Portugal exercised a complete monopoly over trade with its Colony, Brazil- requiring that all purcheses from, and exports to, be made via Portugal. One very important export item which Potugal obtained from Brazil was gold - at “puchased price”, which greatly enhanced the finances of the country and the monarchy.
For at least three hundred years, men in Brazil - conveniently “supported” by slaves - had scraped at surface deposits, panned river gravels and worked shallow excaviations, in the search for gold.
The know-how and equipment to pursue gold in depth was not there, and with the gradual exhaustion of readily won suface deposits, the gold mining activity - specially in the Ouro Preto region - virtually ceased towards the end of the 18th Century.
Following the decree issued in 1880 by the Portuguese Regent, Dom João, allowing for the opening of Brazilian harbours to commerce of all friendly countries, early in 1824, a Constitutional Decree was issued, introducing the notion of mining concessions.
Taking advantage of the above mentioned decree, a British Company was set up in 1824 - known as The Imperial Brazilian Gold Mining Association, wich subsequently bought from the Barão de Catas Altas, his gold mines- entitled Gongo Soco.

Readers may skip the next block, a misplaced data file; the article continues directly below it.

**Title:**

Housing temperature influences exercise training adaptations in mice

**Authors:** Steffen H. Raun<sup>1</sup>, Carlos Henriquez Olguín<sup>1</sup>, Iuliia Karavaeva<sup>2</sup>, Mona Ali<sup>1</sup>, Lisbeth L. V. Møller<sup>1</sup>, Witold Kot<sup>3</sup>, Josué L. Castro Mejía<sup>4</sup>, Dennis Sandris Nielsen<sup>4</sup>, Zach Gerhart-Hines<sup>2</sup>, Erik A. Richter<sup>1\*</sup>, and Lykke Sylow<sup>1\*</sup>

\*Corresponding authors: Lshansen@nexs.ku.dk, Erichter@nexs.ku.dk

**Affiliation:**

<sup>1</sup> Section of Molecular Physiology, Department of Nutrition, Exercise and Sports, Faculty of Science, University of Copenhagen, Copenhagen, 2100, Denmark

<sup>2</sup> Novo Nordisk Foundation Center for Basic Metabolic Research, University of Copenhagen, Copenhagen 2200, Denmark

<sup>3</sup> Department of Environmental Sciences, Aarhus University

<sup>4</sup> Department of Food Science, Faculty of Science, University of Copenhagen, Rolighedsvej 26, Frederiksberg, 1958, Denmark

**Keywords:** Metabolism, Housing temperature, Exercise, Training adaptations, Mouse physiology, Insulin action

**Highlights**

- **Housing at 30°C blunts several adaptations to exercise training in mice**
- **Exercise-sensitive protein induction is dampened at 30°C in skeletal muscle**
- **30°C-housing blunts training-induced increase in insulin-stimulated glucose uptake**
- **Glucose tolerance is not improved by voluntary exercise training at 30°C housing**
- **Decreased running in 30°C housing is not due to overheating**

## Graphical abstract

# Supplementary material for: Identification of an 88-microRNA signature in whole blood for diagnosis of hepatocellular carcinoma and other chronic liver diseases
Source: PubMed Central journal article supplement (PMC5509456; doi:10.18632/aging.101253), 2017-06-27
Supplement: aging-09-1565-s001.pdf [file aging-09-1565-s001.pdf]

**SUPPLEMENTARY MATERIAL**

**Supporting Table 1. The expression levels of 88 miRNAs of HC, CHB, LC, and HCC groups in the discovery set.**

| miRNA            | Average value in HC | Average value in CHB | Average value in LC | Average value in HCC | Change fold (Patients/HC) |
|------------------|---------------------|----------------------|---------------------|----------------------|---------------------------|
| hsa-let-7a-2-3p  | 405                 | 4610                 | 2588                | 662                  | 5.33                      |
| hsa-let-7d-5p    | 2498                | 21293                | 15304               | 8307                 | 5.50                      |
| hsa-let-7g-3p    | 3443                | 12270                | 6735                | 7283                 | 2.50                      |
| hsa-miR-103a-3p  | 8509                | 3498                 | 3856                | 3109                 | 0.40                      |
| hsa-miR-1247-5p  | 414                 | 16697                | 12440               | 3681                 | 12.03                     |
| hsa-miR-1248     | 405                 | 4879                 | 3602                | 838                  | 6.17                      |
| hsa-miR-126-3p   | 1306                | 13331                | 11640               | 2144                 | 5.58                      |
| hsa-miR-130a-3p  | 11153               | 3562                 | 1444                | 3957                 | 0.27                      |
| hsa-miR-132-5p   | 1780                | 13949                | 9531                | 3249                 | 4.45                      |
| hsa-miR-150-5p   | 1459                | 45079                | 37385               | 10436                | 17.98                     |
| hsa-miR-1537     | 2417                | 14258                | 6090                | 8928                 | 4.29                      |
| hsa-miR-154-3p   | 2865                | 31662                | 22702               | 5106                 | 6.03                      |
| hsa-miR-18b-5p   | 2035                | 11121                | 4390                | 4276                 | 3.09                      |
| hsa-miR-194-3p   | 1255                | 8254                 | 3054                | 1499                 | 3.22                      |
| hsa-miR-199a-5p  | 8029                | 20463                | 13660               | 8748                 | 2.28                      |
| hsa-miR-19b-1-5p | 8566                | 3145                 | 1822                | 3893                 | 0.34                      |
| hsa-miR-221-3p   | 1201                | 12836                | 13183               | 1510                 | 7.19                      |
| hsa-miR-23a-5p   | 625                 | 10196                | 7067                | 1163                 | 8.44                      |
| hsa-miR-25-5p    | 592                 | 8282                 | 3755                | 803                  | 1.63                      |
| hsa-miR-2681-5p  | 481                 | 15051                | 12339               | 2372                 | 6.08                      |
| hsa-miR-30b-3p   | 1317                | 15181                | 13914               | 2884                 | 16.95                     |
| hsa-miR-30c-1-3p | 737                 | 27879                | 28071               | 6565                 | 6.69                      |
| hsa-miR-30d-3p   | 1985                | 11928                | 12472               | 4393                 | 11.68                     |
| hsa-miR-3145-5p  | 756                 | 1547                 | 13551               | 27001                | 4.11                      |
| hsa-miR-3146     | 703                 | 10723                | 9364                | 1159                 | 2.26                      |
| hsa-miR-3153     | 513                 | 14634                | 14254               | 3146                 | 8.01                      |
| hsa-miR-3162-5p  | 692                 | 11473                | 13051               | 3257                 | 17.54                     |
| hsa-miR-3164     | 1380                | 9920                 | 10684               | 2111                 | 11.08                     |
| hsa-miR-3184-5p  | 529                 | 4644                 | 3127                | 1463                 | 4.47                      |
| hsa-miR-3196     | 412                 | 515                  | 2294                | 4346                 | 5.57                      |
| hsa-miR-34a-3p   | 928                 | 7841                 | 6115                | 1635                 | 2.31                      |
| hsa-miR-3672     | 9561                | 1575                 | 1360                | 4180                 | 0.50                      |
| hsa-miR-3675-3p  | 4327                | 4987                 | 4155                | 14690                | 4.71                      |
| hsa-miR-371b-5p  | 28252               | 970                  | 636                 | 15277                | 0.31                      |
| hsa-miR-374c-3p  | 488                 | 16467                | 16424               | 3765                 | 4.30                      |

The Gongo Soco mine was operated under the supervision of British engineers and workers from 1826 to 1856, when it was abandoned. Over the abovementioned period, it produced 12,827 kilogrammes of gold. The buildings of the mine, as well as the villages which it encompassed, spread over 1.6 kilometres. At the time, the mine was of such importance that Dom Pedro I visited it in 1831, his presence being honoured by the building of a triumphal arch in the area, wich then marked the entrance to the Estrada Real, joining Sabará to Ouro Preto, passing through Morro Grande, Brumal, Catas Altas do Mato Dentro and Mariana, thus completing the “Círculo de Ouro das Minas Gerais”.
A stone walled British cemetery was established in the area time. British labourers were buried there, but alas, ten headstones are the only remnants of the British presence in the area...
Unfortunately, the entire area now lies in ruins and sadly, has been negleted.
Charles R. Dow